Theodicy might seem a modern notion, since Leibniz coined the term in the seventeenth century to address a particular Enlightenment concern: how to harmonize God’s goodness and sovereignty with evil in the world. Certainly it is a modern enterprise to attempt to explain the ways of God to humans. And it is a philosophical inquiry, since the God it hypothesizes is transcendent but abstract, full of divine attributes (omnipotence and righteousness) but empty of personality.
Yet theodicies can be helpful. They may provide some intellectual comfort to those who suffer and assuage those who wonder about occurrences of evil. They may give us a reason to think we can trust God (again), despite what has happened.
This modern quest is akin to something that troubled biblical writers. Everyday misfortune didn’t cause them to question God’s goodness or sovereignty; life was hard and no one would reasonably have expected to enjoy the comforts and protections of modern life. Instead, certain world-shattering events occurred, such as the conquering of the Northern Kingdom of Israel or the fall of the Southern Kingdom of Judah and the Babylonian Exile, and these occasioned profound questioning of God’s faithfulness to his promises and his people.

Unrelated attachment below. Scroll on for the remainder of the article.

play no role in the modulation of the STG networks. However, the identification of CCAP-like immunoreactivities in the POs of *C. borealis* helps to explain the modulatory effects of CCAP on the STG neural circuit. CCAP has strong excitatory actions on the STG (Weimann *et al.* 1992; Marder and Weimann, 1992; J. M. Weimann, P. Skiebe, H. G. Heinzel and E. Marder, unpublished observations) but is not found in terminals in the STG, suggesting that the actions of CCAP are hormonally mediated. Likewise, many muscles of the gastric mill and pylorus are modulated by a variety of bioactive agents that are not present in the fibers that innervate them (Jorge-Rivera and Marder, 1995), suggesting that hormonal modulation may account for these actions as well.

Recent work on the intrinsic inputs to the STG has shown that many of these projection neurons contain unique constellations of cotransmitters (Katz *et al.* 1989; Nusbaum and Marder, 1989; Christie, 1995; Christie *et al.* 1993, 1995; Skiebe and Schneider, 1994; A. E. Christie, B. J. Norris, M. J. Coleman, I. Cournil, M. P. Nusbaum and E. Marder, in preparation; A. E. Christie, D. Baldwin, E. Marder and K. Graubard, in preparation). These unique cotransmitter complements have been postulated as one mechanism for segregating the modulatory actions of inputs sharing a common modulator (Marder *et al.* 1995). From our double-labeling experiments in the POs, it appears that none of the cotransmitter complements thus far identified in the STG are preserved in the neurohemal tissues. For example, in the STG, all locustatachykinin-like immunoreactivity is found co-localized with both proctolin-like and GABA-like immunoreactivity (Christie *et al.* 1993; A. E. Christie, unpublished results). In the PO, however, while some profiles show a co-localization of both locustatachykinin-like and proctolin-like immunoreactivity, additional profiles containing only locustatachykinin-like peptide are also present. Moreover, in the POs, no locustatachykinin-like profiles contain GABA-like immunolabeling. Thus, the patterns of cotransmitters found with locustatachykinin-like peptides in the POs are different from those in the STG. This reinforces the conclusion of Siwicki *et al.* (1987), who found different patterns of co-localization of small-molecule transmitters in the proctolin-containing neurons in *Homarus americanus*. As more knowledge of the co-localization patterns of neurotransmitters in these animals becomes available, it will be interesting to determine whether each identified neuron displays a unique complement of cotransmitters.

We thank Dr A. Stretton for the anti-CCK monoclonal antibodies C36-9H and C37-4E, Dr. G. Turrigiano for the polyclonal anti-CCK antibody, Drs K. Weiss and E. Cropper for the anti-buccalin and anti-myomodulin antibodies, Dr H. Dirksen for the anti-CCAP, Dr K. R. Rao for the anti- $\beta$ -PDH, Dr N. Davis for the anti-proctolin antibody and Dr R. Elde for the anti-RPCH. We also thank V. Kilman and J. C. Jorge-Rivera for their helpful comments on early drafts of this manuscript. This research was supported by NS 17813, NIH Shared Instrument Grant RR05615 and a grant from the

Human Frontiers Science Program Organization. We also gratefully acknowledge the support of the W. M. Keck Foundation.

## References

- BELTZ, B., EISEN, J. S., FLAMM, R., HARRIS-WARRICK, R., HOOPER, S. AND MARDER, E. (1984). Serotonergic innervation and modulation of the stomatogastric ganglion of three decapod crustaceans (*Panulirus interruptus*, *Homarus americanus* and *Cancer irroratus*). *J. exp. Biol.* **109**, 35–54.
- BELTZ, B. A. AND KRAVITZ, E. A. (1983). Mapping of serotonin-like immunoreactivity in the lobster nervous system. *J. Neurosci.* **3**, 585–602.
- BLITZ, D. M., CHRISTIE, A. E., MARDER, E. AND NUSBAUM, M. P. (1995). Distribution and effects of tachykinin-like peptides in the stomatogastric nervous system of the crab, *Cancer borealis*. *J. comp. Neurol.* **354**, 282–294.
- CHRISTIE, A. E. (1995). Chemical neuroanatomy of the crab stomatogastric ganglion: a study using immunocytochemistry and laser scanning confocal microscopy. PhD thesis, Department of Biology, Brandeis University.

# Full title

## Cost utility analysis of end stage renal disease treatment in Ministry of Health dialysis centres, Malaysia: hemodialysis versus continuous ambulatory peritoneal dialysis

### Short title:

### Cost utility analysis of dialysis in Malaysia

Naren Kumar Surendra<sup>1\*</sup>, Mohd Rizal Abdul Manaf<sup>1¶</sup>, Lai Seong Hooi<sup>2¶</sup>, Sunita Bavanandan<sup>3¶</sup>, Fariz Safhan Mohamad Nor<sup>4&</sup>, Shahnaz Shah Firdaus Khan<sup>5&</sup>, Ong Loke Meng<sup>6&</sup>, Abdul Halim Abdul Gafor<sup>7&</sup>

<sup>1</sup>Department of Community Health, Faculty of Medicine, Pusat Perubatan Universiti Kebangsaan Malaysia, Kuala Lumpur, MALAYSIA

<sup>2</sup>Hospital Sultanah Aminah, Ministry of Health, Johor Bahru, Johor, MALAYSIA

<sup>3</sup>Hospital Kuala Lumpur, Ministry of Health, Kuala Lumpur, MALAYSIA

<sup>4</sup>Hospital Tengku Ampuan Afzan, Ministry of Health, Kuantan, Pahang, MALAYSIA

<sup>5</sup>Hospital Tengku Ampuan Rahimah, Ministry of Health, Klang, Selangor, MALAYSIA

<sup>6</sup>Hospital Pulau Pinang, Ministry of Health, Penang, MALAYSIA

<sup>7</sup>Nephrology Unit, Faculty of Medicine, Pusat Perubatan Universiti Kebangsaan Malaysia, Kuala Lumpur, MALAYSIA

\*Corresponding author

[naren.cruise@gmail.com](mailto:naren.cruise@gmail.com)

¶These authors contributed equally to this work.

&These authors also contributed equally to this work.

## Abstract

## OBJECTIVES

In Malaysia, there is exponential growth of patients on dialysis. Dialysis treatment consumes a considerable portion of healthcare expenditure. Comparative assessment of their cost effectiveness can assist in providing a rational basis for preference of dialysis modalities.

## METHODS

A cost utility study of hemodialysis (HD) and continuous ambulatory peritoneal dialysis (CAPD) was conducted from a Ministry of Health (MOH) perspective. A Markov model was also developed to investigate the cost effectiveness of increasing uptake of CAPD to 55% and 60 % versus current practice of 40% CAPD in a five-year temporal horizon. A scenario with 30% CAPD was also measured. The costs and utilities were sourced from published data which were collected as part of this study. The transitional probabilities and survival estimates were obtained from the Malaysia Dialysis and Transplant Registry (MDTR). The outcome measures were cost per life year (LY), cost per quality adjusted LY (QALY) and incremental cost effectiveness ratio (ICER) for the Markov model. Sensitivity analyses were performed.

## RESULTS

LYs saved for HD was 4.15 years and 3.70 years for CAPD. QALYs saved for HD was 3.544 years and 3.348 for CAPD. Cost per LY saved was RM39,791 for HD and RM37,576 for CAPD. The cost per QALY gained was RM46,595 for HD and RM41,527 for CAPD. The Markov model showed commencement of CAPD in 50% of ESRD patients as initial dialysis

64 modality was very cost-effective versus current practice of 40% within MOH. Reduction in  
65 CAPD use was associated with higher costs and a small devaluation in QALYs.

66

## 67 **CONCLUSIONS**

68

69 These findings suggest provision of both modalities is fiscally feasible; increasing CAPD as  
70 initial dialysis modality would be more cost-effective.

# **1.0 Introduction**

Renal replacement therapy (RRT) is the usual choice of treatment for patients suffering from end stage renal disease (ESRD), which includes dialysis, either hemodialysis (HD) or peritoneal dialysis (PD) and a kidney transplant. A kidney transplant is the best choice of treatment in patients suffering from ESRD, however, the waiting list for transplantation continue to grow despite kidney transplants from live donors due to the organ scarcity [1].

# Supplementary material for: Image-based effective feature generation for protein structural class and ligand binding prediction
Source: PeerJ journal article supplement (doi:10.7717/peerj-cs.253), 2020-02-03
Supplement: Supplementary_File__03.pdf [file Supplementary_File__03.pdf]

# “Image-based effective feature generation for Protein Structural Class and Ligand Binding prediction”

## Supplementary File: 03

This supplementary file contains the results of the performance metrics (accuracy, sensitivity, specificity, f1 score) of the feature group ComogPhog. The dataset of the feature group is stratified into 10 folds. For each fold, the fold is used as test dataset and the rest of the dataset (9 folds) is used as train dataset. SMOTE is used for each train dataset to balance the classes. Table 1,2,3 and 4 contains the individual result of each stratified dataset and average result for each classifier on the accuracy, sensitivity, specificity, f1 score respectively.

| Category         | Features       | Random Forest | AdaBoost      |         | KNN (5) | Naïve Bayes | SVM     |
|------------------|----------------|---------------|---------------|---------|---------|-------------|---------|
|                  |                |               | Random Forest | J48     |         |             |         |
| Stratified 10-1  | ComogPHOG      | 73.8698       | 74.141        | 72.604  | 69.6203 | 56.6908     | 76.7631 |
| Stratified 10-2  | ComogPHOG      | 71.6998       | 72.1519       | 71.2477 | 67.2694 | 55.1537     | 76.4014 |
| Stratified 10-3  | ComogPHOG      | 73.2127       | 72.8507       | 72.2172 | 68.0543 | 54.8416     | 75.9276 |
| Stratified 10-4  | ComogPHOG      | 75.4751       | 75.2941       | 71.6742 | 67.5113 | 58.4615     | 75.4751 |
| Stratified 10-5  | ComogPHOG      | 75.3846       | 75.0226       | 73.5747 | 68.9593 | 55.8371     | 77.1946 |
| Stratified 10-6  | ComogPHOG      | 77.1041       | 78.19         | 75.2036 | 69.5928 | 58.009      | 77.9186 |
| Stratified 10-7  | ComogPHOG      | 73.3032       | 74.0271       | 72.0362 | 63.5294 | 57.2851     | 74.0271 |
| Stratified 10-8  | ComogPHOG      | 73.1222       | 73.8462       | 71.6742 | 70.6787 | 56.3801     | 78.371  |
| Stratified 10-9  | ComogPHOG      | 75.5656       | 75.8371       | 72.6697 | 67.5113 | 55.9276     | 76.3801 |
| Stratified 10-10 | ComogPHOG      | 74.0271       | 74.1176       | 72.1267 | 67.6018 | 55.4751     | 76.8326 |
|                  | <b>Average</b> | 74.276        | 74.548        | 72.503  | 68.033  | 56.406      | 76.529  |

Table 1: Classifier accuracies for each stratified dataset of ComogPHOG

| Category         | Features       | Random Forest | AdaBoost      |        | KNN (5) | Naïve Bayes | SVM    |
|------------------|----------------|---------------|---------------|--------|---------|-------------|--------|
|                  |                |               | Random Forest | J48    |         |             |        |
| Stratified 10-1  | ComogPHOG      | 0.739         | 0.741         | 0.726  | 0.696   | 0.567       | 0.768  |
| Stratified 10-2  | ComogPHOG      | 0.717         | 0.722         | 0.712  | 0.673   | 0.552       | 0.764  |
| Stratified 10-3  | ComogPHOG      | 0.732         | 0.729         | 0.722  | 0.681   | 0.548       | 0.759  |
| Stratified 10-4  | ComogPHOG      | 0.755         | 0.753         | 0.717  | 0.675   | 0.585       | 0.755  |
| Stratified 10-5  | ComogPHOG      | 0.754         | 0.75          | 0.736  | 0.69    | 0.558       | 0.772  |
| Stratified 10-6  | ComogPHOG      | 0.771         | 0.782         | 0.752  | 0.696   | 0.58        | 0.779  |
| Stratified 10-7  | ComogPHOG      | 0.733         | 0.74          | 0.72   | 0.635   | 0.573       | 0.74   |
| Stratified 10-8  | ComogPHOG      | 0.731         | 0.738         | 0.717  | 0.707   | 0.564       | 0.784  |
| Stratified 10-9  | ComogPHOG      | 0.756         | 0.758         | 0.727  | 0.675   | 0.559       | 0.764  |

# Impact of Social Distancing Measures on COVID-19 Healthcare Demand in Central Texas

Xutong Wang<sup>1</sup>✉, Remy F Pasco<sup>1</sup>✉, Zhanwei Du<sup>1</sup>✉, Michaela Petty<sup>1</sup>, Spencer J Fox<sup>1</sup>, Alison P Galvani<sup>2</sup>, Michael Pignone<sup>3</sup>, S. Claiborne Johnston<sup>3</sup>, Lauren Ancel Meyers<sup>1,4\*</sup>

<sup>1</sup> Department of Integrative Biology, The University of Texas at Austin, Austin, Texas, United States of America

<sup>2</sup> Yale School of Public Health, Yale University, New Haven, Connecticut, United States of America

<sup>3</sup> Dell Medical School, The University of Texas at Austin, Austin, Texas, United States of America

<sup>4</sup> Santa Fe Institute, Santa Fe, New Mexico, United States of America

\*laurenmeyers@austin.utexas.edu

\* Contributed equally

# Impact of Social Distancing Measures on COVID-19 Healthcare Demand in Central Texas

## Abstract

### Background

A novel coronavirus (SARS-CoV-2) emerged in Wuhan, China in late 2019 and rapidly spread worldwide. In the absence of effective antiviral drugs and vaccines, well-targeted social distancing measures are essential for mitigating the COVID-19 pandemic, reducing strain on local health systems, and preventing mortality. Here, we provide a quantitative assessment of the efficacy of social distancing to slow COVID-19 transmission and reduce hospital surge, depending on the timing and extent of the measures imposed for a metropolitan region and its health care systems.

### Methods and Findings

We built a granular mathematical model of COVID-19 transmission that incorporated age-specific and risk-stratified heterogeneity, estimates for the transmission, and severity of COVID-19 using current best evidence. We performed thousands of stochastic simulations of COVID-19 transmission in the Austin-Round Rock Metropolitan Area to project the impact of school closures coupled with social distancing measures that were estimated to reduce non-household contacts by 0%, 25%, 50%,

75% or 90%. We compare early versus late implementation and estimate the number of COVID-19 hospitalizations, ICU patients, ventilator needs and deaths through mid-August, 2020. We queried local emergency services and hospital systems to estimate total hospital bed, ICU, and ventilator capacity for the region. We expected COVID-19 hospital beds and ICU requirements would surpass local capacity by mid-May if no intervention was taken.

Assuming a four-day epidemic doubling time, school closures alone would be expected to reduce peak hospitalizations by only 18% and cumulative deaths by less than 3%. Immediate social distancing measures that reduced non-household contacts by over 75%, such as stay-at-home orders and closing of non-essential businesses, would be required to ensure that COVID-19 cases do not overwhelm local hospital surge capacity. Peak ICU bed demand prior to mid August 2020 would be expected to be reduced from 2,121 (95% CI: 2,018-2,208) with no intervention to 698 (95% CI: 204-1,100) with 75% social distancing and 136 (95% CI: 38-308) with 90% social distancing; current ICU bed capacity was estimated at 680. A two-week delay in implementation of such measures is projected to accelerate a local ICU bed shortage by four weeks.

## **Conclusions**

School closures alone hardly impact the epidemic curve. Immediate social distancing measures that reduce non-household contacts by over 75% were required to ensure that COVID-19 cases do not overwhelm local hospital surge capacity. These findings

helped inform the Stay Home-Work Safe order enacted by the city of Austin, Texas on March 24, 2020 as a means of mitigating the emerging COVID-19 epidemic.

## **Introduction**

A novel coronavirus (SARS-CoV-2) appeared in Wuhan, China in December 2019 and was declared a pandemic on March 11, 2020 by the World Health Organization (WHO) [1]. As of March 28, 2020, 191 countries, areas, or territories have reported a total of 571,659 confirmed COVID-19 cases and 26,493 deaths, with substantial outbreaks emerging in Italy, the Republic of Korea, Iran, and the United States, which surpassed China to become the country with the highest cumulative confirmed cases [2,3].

How can we trust an allegedly gracious God if he doesn’t honor his promises? In Psalm 44, for example, the psalmist bemoans the suffering of the Israelites, despite their faithfulness, and demands that God awake from sleep and redress their circumstances. Psalm 74 offers a similar indictment of God. These questions are more pointed than a theodicy since they are directed to a God the anguished thought they knew, rather than an abstract God of the philosophers.
One of Martin Luther’s daughters died in his arms. His grief was overwhelming since the only God he knew was the one who took his child. He quoted Psalm 116 as a description of the Christian life: “I believed, therefore I was greatly afflicted.” Not that a Christian suffers more from a loss than anyone else, since losing a daughter could overwhelm anyone. Yet the sting may be worse for a Christian since the God you loved and worshipped and thought you knew let this happen.
Does our suffering mean that God has abandoned us? Can we still trust him with our welfare and our lives? These questions may not have satisfactory answers or, indeed, answers at all except as we live into them. Yet we may find responses to these questions in the writings in the Bible that address the theodicy of old.
For example, the Apostle Paul in his Letter to the Romans is ultimately addressing the question whether God can be trusted, as he asks whether God has abandoned his chosen people who apparently have rejected God’s Messiah. In chapters 9 through 11, the Apostle insists the word of God hasn’t failed and God hasn’t rejected his people. He concludes that finally Israel will be saved, since God’s gifts and calling are irrevocable, confessing that the riches and wisdom of God are deep and his ways inscrutable.
So, if you are suffering, you are not alone. God’s people have always suffered and with God’s grace have endured. Listen to that history and rest in God’s assurance. He is faithful even if his ways are inscrutable. Amen.